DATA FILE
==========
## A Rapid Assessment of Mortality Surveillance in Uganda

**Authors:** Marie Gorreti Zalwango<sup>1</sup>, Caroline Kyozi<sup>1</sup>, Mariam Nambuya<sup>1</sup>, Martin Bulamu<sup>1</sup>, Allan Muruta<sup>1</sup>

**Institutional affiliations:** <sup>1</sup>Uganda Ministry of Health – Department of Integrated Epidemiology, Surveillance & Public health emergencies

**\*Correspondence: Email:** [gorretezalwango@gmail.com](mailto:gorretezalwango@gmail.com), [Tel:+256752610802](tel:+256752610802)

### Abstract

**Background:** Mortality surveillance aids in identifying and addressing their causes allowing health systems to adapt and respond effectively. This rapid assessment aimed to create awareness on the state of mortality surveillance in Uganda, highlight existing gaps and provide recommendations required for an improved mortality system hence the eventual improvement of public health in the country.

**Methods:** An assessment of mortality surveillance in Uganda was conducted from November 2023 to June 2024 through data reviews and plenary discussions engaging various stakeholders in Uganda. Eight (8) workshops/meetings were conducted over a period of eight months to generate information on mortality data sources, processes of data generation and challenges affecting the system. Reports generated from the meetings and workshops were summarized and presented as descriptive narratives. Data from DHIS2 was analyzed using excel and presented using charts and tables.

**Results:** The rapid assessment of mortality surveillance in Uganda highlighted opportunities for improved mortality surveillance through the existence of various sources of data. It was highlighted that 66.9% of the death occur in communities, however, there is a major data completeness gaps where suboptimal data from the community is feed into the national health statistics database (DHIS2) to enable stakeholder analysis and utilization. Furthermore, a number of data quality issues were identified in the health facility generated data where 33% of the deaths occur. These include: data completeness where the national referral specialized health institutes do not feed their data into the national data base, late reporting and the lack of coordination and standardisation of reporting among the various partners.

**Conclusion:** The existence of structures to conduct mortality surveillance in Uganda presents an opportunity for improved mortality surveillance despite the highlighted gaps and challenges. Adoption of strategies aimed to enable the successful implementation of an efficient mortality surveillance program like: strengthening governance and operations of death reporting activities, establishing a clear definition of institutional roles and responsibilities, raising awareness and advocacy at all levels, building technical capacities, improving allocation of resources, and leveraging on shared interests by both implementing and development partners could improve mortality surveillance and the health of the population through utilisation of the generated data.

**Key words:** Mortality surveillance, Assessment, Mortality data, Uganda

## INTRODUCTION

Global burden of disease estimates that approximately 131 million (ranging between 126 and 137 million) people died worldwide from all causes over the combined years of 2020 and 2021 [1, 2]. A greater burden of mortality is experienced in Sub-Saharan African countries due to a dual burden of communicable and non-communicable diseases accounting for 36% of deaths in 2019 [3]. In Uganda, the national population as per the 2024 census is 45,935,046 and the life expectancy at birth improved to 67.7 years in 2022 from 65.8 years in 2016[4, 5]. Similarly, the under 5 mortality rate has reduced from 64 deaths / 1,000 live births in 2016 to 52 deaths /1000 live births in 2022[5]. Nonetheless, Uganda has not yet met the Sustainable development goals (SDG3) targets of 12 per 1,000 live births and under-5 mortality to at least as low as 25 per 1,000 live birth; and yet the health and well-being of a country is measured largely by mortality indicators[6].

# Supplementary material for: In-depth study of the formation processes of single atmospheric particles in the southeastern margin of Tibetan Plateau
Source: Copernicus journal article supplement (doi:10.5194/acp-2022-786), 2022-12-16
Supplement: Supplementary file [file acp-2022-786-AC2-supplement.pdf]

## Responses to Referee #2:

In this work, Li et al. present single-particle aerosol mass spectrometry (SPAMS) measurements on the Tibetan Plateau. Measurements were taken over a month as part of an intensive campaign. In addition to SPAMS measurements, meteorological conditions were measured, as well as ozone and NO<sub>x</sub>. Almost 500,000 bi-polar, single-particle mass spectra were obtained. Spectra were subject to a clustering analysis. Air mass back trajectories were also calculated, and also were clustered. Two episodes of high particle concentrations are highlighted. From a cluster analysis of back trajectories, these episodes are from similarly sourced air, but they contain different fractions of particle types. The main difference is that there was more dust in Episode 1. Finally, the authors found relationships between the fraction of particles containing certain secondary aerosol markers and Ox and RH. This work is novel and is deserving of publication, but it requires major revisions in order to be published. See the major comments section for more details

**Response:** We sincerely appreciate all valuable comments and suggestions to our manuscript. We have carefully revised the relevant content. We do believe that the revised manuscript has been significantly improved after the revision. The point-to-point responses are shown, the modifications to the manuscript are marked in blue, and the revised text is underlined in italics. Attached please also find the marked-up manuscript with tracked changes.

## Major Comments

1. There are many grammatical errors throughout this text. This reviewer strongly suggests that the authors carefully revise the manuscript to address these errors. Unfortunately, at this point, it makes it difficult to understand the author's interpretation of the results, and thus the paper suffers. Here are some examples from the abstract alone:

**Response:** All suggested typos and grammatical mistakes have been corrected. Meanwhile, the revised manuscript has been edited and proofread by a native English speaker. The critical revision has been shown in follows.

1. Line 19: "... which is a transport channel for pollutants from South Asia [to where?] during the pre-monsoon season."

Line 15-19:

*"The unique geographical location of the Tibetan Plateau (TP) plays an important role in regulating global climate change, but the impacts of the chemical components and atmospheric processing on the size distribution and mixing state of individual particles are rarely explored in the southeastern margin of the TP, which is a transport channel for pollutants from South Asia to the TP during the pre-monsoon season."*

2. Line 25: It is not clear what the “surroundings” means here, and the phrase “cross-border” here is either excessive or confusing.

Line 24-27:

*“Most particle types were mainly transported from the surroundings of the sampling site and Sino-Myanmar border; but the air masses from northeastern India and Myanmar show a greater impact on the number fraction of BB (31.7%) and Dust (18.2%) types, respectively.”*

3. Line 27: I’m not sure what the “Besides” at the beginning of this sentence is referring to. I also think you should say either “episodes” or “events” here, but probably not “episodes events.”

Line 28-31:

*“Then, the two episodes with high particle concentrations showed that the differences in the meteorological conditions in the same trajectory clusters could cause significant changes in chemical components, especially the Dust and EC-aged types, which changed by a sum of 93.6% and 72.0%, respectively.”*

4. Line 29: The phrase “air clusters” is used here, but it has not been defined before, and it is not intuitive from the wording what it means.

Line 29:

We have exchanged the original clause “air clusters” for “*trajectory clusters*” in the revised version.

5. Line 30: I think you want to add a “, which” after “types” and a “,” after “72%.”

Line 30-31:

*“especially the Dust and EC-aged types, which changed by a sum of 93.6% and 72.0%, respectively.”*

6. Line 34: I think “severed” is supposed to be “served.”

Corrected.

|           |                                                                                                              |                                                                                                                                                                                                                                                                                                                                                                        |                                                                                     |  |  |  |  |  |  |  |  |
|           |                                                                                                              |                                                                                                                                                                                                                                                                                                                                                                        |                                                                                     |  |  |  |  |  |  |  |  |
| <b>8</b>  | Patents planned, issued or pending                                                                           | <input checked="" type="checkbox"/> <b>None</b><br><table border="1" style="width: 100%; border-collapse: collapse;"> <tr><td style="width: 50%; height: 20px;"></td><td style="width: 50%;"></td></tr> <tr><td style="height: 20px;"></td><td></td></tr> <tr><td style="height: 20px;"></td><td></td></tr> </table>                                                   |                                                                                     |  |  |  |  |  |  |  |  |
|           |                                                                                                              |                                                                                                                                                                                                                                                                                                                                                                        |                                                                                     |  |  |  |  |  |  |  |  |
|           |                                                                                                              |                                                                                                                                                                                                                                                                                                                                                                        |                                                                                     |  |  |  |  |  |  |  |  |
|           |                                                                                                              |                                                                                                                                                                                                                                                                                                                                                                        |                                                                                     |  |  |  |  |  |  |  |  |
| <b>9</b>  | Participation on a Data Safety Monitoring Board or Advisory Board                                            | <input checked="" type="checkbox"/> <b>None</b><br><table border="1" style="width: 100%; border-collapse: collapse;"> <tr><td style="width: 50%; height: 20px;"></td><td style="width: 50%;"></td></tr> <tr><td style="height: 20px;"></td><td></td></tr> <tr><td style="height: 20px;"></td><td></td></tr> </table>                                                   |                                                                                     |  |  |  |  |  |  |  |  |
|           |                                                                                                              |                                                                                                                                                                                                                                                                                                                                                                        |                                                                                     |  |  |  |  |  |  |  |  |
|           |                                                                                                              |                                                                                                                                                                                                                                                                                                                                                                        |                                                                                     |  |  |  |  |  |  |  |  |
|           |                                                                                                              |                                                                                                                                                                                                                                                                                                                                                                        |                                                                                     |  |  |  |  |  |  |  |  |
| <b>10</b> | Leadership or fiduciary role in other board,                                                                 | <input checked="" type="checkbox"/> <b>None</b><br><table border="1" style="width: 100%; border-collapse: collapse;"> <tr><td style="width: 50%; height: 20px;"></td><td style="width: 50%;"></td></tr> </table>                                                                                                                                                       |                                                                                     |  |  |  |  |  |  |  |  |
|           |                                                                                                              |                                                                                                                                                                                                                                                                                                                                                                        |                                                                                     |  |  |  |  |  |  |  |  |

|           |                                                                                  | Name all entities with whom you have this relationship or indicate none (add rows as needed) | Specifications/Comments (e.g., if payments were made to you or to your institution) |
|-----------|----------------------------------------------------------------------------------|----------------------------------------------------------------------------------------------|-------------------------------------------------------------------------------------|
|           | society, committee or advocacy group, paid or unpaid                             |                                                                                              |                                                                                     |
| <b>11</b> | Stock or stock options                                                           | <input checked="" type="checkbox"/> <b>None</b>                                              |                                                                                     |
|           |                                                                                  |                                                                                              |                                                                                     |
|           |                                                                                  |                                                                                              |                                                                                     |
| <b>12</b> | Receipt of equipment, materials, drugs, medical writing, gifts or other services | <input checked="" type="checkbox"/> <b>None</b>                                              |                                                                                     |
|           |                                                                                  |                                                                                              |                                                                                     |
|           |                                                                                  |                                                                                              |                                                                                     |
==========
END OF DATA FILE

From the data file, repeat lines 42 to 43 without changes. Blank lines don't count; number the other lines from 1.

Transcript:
|           |                                                                                                              |                                                                                                                                                                                                                                                                                                                                                                        |                                                                                     |  |  |  |  |  |  |  |  |
|           |                                                                                                              |                                                                                                                                                                                                                                                                                                                                                                        |                                                                                     |  |  |  |  |  |  |  |  |